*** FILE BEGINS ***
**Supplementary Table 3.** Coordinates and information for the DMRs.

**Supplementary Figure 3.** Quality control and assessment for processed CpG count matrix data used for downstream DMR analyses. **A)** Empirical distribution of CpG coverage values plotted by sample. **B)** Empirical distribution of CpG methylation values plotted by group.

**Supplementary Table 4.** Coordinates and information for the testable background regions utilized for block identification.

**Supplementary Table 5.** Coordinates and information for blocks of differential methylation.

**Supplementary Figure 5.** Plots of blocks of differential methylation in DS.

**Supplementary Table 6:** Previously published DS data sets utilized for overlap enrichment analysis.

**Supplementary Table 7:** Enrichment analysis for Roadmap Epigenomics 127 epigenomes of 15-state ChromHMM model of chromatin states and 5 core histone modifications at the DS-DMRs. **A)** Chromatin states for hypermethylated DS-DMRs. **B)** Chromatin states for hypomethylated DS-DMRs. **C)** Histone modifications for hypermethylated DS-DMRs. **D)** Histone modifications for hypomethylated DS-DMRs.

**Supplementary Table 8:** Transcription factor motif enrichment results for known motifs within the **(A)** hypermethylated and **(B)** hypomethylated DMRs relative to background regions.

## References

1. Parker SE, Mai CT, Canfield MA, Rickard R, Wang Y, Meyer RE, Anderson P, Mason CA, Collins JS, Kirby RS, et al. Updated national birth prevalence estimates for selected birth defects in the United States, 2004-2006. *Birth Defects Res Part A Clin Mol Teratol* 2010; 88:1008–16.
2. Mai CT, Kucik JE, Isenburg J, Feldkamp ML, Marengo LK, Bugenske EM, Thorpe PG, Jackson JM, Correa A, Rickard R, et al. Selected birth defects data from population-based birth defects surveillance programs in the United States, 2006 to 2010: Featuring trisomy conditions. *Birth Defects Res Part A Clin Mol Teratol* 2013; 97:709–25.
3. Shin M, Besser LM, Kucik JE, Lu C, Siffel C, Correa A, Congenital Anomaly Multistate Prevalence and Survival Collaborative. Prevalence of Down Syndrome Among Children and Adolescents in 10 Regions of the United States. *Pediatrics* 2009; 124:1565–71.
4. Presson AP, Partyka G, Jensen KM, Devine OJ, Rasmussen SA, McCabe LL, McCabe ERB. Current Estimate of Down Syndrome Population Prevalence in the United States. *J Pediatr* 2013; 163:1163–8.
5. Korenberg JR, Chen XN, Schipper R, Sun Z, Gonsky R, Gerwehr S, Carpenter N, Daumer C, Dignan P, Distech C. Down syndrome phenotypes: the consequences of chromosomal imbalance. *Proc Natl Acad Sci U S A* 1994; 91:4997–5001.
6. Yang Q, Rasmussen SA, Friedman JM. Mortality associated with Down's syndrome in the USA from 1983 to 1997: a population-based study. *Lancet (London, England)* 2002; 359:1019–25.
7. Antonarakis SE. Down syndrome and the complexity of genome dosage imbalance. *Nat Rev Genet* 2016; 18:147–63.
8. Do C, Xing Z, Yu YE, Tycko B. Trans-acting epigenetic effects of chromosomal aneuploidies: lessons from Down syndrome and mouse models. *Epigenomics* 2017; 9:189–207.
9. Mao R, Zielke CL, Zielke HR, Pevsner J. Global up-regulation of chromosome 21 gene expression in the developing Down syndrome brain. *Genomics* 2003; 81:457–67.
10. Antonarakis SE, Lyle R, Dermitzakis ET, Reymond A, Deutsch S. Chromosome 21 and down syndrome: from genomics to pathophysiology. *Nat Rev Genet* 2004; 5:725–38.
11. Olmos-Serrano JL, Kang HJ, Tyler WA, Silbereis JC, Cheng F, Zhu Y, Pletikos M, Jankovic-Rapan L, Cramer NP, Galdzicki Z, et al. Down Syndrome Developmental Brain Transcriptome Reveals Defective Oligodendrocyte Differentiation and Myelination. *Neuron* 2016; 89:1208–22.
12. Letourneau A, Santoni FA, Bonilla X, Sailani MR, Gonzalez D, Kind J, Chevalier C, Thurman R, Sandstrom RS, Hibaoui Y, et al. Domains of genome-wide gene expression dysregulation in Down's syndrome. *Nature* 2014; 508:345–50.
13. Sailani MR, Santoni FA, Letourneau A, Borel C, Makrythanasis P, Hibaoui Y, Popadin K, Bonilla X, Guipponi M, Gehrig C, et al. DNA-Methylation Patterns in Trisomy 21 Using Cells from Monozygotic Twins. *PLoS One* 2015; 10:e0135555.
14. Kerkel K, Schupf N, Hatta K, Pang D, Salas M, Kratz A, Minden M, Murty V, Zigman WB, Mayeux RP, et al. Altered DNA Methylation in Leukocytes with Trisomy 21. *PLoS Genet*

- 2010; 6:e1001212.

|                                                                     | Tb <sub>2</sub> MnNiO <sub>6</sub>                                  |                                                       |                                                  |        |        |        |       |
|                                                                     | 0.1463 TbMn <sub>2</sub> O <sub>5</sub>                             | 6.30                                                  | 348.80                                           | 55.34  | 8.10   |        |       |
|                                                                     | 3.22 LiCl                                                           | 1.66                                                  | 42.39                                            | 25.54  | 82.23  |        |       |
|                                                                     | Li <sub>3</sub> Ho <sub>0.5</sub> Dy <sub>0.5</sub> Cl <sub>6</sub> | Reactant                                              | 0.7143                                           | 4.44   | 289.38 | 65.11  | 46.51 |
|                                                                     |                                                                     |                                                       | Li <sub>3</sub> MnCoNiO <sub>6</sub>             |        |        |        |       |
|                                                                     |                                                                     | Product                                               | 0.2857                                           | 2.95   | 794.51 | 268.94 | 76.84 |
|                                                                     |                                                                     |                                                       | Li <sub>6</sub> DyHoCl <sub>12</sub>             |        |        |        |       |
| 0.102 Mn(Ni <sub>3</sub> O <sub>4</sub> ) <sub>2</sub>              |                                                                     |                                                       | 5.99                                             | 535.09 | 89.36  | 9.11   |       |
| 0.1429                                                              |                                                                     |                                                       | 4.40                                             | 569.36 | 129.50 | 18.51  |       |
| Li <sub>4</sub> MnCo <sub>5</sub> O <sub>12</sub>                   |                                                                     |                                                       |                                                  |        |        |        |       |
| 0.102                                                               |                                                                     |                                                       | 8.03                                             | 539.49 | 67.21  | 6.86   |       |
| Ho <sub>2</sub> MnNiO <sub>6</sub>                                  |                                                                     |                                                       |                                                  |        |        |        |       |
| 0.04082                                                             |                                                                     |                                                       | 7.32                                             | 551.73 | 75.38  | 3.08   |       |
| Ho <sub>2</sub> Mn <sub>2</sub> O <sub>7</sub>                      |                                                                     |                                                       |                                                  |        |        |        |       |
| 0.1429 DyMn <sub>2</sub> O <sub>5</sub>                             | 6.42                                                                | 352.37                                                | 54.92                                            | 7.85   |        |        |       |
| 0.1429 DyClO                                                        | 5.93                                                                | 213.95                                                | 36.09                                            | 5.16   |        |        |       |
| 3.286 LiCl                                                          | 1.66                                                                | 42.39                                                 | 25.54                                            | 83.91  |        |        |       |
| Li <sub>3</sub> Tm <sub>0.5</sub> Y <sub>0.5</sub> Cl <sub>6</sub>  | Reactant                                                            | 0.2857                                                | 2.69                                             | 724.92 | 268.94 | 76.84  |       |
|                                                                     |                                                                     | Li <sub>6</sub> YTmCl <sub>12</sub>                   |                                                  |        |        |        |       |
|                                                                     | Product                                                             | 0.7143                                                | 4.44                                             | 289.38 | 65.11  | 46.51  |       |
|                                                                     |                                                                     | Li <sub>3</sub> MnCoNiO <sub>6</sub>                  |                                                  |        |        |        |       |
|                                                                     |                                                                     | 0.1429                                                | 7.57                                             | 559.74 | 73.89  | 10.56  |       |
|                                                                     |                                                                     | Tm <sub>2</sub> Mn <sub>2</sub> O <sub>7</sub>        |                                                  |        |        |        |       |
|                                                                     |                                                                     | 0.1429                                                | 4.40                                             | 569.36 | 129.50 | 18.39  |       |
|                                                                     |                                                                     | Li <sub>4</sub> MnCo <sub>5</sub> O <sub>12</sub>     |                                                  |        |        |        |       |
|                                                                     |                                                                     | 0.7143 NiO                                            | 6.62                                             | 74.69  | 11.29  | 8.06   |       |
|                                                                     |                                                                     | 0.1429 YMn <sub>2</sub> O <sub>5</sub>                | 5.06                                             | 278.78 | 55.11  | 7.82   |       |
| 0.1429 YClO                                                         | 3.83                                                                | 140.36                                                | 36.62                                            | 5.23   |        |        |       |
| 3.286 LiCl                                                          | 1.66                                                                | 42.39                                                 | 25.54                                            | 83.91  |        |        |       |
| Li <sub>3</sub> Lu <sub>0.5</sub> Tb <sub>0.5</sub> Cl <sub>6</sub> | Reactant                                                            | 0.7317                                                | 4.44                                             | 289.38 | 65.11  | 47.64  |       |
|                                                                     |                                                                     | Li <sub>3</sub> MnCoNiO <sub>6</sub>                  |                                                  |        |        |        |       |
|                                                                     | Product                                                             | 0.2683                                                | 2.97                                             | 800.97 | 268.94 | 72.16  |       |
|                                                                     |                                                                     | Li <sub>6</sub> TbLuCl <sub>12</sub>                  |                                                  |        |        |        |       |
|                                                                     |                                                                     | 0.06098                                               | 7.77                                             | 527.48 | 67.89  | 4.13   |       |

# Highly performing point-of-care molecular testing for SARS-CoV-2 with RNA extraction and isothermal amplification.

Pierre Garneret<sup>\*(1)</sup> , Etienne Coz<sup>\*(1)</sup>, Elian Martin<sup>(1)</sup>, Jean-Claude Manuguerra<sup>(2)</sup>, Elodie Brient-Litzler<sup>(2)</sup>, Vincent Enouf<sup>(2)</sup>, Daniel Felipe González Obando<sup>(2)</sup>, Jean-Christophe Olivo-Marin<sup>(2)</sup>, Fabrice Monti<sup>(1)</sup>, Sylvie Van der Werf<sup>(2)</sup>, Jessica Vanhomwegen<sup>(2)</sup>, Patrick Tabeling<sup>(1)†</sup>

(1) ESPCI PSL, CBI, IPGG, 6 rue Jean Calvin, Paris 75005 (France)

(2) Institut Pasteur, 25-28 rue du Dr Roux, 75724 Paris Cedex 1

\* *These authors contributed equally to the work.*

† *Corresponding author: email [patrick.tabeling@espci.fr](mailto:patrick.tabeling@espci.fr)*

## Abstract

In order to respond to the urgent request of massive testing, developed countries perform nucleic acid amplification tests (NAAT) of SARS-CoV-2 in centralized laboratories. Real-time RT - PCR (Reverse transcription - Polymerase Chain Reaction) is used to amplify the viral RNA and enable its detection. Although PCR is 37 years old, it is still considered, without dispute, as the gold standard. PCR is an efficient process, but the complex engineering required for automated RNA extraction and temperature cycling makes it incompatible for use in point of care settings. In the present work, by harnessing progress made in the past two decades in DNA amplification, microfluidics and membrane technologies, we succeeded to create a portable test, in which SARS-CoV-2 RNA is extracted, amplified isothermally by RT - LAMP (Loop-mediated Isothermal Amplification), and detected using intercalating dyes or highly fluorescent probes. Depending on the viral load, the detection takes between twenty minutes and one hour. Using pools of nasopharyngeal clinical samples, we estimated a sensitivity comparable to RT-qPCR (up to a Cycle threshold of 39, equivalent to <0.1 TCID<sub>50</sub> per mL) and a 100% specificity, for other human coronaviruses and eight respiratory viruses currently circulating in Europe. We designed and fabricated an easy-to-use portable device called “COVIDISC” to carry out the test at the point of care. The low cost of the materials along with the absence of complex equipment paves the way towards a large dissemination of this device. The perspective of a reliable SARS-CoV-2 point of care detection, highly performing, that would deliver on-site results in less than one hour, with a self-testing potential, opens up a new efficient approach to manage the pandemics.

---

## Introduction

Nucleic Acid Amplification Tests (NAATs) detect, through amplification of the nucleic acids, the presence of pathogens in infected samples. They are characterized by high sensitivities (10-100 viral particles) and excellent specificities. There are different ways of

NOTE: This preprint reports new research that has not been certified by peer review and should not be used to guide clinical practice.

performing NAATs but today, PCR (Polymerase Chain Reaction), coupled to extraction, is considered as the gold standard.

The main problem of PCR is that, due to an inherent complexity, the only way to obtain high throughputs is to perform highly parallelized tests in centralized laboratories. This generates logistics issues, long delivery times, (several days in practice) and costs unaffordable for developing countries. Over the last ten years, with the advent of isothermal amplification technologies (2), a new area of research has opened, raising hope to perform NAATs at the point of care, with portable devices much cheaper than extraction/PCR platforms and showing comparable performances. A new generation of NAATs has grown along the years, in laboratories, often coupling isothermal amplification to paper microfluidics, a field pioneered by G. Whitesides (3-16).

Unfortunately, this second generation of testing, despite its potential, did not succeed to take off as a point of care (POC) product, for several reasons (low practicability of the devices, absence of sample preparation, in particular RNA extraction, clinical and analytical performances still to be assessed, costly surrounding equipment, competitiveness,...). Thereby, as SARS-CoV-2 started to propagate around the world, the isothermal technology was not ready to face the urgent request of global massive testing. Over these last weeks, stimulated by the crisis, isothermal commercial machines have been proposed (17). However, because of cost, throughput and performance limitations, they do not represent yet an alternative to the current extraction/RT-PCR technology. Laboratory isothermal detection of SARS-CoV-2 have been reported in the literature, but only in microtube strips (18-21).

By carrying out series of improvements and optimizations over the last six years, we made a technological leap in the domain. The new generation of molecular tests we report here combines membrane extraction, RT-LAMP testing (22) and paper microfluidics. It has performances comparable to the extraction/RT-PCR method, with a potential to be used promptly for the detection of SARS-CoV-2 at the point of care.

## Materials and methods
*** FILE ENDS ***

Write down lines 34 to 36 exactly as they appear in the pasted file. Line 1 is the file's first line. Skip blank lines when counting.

| Li <sub>4</sub> MnCo <sub>5</sub> O <sub>12</sub>                   |                                                                     |                                                       |                                                  |        |        |        |       |
| 0.102                                                               |                                                                     |                                                       | 8.03                                             | 539.49 | 67.21  | 6.86   |       |
| Ho <sub>2</sub> MnNiO <sub>6</sub>                                  |                                                                     |                                                       |                                                  |        |        |        |       |